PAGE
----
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No matter how many times I travel to Tuscany, each visit teaches me something new. One welcome find this year is that accommodation prices have remained static, or even dipped, compared to 2008. Offering to pay in advance might secure a further reduction, making one of Italy's most multifaceted regions still more affordable. Here are some more insights that may surprise you.

1. Tuscany has more cities with Serie A soccer teams than any other Italian region. The season runs from now through May, and you have three choices for a slice of Tuscan life that has nothing to do with bucolic hills or wine cantinas. Glamor-hounds should head to the Artemio Franchi in Florence to see Fiorentina (http://it.violachannel.tv), whose strike force of Gilardino and Mutu will be starring in the Champions League and expecting a top-4 finish in Serie A again. Buy your tickets in the center at Chiosco degli Sportivi (Via degli Anselmi 1; tel. 055/292363). Tiny AC Siena (www.acsiena.it) has survived in Italy's top league against all odds, thanks to goals banged in by crowd hero Massimo Maccarone. Their Montepaschi Arena is close to San Domenico. Buy tickets on match day at the window next to the bus office below Piazza Gramsci. Known as gli amaranto ("the purples") and famed for having the most left-wing fans in Italy, AS Livorno (www.livornocalcio.it) is a friendly little club just promoted from Serie B. Their Stadio Armando Picchi is in Piazzale Montello; buy tickets at the main entrance on matchday. At all grounds, you're safest asking for a "tribuna tranquilla" (a quiet stand) -- unless you want to end up with the ultras -- and strict antihooligan laws require you to produce photo ID when buying a ticket. Warning: fans of "American football" may witness more theatrical rolling-around and grabbing of slightly grazed shins than they are accustomed to.

2. The greatest Tuscan painter wasn't Michelangelo, Leonardo da Vinci, or even Botticelli. That accolade is owed to a figure born Tommaso di Ser Giovanni di Mone Cassai, but better known as Masaccio. A friend of Brunelleschi (of that dome fame), Masaccio applied techniques of linear perspective to give Italian painting the realism and solidity we associate with "the Renaissance." His masterpiece, the Cappella Brancacci in Florence (Piazza del Carmine 14; tel. 055/2768224), was the greatest leap forward since Giotto's art a century earlier, and was still being studied 75 years later by Michelangelo and his golden generation of Florentine painters. Masaccio's Trinity, frescoed on the nave of Santa Maria Novella (Piazza Santa Maria Novella; tel. 055/215918), shocked Florentines when it was unveiled in 1425: they thought he'd punched a hole in the wall, rather than produced the illusion of a baldacchino in paint. Panel paintings by Masaccio can be admired in the Uffizi (in Room 7; tel. 055/294883; www.firenzemusei.it) and at Pisa's Museo di San Matteo (Piazzetta San Matteo; tel. 050/541865). The reason Masaccio isn't far more famous? He died in Rome in 1428, aged just 27, his talent barely revealed.

3. Public transportation beats car rental for most of what you want to see. Astronomical insurance rates put Italy among Europe's most expensive countries to rent a car. Thankfully, Tuscany's train network can take you to most of the best -- traveling cheaper, greener, and without parking hassle. Lucca, Arezzo, Prato (Porta al Serraglio not Centrale), Pistoia, and Pisa (San Rossore not Centrale for the Campo) all have rail terminals close to the action. For timetables, check www.trenitalia.it. You can even tour the otherworldly wilds of Le Crete and the Val d'Orcia by rail, on the tourist Treno Natura (www.ferrovieturistiche.it). For San Gimignano, Montepulciano, Chianti, and Siena you're better off on the bus. Operators like LFI (www.lfi.it) and Tra.In (www.trainspa.it) have PDF timetables downloadable from their websites.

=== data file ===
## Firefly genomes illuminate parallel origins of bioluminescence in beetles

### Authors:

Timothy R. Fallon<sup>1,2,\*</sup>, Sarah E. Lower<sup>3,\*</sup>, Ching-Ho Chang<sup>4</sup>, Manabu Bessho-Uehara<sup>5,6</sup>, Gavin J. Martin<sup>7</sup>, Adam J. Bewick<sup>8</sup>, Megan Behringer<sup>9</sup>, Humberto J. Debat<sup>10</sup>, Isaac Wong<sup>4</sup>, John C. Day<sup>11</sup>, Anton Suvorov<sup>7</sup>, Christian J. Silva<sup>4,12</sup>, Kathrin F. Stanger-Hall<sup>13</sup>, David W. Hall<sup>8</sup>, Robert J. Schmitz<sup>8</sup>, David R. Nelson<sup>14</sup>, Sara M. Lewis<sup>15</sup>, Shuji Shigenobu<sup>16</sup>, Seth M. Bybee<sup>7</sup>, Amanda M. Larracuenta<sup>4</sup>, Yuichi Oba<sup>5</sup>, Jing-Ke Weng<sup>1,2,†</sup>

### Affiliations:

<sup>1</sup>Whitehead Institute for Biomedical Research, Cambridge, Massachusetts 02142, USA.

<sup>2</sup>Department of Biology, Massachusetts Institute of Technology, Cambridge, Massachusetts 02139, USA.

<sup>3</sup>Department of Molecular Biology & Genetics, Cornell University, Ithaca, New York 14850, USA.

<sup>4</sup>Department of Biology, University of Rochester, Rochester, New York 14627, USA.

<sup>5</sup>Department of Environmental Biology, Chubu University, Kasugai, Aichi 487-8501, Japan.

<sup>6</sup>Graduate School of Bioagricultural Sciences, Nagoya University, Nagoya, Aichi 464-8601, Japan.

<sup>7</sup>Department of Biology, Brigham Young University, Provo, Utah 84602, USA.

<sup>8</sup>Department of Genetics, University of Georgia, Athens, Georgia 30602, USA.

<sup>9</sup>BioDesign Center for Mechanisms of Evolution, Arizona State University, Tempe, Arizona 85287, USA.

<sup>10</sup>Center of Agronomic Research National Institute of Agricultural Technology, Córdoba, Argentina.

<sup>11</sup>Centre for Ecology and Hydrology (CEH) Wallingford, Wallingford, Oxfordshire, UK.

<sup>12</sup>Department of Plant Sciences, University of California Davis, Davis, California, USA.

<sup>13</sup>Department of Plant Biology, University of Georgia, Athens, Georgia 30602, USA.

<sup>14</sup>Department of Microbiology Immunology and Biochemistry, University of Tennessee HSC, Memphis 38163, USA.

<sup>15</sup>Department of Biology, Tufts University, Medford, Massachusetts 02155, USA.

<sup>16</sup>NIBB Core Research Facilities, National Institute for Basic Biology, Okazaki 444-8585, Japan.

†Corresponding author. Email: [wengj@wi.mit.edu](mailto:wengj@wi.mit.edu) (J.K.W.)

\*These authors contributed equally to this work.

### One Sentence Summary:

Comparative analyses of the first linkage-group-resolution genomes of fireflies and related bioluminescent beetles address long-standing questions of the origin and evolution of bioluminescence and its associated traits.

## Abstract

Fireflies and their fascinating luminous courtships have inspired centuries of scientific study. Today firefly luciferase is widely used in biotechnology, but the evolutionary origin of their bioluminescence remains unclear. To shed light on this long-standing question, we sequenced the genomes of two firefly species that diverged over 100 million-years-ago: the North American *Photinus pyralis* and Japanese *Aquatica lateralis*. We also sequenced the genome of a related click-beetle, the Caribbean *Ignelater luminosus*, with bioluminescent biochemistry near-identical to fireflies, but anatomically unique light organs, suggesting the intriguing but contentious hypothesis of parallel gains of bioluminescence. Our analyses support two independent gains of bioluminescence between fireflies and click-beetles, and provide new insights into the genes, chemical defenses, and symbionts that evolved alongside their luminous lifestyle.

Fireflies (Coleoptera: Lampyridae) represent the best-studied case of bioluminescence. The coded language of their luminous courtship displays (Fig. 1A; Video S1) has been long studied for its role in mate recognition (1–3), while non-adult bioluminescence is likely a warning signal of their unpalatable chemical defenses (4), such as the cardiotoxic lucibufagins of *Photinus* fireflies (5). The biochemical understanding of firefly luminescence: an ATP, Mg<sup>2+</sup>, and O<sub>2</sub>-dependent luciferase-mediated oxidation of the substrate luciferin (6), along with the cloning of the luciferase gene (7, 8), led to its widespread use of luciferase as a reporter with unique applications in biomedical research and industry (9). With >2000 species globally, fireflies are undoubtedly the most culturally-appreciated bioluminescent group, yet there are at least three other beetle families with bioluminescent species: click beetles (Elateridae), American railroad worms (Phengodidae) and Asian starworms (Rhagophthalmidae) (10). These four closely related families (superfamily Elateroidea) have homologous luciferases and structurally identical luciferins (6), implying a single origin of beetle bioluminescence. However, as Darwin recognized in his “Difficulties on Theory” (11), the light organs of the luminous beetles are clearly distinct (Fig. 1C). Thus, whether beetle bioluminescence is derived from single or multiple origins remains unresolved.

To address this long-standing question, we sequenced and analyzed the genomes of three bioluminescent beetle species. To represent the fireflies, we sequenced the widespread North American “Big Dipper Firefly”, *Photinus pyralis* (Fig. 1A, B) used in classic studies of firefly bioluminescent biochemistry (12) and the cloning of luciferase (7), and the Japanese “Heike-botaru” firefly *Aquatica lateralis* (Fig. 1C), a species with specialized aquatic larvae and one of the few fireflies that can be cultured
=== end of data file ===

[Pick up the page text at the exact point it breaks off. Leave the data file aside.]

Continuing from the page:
4. Your best base for a flying Tuscan visit isn't Florence, but Siena. Granted, Florence has the Renaissance, and Ghiberti's doors, and the Old Bridge, and David (all three of him), and the Uffizi, and the wondrous rest of it. But Siena has the most perfect architectural expression anywhere on the peninsula of Italian Gothic. It's small enough to enchant without overwhelming. It's packed with art that speaks a different language to the muscular Renaissance capital to the north: the greatest secular fresco cycle in Italy is inside the Palazzo Pubblico (Piazza del Campo; tel. 0577/292263), ethereal works by great Sienese like Duccio, Simone Martini, and Domenico Beccafumi are spread around the city. Plus it has food, and not just its Cinta Senese breed of pig cooked and cured every which way. The panpepato gelato at Kopa Kabana (Via de' Rossi 52; tel. 0577/223744) is my favorite flavor in Tuscany. Best of all, after a three-day stay, you'll feel you've come to understand your destination a little. Florence demands that you invest more time for a payback like that.

5. Even if you want to go in summer, there's likely a great hotel deal to be had. Low season in Florence includes August. As long as you don't mind the heat and the occasional fashionable spot being closed, you can bag a big discount on some of the best rooms in the city. A Classic Double with a Fall rack rate of around €450 a night can be yours for €180 if you stay 2 nights in August at some places, or prices can even drop below €100. If you have a favorite hotel in town, call, haggle, and ask for a low-season sconto.

Donald Strachan's guidebook, Frommer's Italy is available now at www.frommers.com/store. He is a regular writer on travel technology for the Telegraph and keeps an archive at www.donaldstrachan.com.